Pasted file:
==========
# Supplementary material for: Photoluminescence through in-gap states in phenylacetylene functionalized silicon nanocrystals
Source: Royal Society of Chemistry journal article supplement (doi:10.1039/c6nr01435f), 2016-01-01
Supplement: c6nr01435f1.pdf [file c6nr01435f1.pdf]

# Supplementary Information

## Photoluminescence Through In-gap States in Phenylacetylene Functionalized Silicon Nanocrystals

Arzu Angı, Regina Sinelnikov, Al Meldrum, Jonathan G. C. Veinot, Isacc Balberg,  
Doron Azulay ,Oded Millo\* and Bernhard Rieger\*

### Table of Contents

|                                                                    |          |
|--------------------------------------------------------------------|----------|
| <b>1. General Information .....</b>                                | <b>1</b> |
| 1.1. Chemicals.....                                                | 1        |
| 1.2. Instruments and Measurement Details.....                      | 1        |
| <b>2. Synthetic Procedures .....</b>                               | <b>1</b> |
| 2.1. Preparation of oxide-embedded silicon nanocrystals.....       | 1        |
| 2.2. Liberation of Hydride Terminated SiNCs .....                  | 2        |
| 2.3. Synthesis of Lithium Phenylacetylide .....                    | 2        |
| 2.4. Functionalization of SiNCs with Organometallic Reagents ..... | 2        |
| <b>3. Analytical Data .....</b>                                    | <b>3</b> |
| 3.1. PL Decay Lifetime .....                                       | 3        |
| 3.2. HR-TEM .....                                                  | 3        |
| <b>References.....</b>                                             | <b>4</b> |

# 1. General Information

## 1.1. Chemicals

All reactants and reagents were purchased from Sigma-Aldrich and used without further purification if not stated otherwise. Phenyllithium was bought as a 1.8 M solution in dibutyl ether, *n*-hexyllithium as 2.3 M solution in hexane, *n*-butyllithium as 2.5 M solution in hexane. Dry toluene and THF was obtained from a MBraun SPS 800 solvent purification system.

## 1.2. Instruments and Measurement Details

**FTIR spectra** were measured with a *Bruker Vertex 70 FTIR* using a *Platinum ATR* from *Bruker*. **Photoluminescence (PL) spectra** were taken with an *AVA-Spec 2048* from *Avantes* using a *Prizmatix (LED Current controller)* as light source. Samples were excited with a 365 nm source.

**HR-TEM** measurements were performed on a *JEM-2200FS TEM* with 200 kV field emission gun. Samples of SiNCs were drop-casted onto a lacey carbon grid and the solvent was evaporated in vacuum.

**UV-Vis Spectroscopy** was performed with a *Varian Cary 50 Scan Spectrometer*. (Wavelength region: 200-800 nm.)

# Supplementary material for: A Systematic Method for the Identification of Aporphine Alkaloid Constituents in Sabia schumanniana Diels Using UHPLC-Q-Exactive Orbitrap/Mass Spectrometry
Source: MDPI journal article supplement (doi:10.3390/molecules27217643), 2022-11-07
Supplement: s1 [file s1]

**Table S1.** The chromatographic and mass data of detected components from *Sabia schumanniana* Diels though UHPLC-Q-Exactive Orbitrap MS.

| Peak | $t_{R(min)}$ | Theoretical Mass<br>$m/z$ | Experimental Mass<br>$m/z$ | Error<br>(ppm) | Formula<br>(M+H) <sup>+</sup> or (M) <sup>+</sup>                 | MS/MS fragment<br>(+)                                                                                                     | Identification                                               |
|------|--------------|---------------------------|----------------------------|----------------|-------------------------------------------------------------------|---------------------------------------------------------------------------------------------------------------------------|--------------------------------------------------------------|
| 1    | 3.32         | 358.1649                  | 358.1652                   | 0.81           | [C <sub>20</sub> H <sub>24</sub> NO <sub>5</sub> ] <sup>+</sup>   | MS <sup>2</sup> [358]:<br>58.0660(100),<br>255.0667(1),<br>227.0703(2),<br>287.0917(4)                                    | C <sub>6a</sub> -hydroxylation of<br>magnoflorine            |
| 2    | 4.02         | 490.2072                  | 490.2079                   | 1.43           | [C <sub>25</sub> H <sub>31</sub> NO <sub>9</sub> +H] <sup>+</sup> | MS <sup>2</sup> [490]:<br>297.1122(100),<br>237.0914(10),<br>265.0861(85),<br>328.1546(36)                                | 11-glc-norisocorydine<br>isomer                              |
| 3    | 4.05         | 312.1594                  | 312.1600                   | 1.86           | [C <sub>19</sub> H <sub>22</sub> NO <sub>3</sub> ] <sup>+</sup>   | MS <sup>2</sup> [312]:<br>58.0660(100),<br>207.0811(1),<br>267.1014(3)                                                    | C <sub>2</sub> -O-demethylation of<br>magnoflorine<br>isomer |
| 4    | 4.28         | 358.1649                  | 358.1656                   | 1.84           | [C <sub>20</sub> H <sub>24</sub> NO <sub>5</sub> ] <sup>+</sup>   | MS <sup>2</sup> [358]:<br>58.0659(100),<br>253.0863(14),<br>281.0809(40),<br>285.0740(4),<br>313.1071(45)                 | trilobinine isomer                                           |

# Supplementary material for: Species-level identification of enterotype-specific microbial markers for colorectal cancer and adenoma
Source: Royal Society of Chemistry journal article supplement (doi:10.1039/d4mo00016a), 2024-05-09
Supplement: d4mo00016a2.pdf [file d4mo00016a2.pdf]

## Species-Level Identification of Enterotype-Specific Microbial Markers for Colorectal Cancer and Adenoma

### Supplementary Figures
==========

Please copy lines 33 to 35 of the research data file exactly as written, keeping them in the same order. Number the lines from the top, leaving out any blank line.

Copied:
**Table S1.** The chromatographic and mass data of detected components from *Sabia schumanniana* Diels though UHPLC-Q-Exactive Orbitrap MS.

| Peak | $t_{R(min)}$ | Theoretical Mass<br>$m/z$ | Experimental Mass<br>$m/z$ | Error<br>(ppm) | Formula<br>(M+H) <sup>+</sup> or (M) <sup>+</sup>                 | MS/MS fragment<br>(+)                                                                                                     | Identification                                               |
|------|--------------|---------------------------|----------------------------|----------------|-------------------------------------------------------------------|---------------------------------------------------------------------------------------------------------------------------|--------------------------------------------------------------|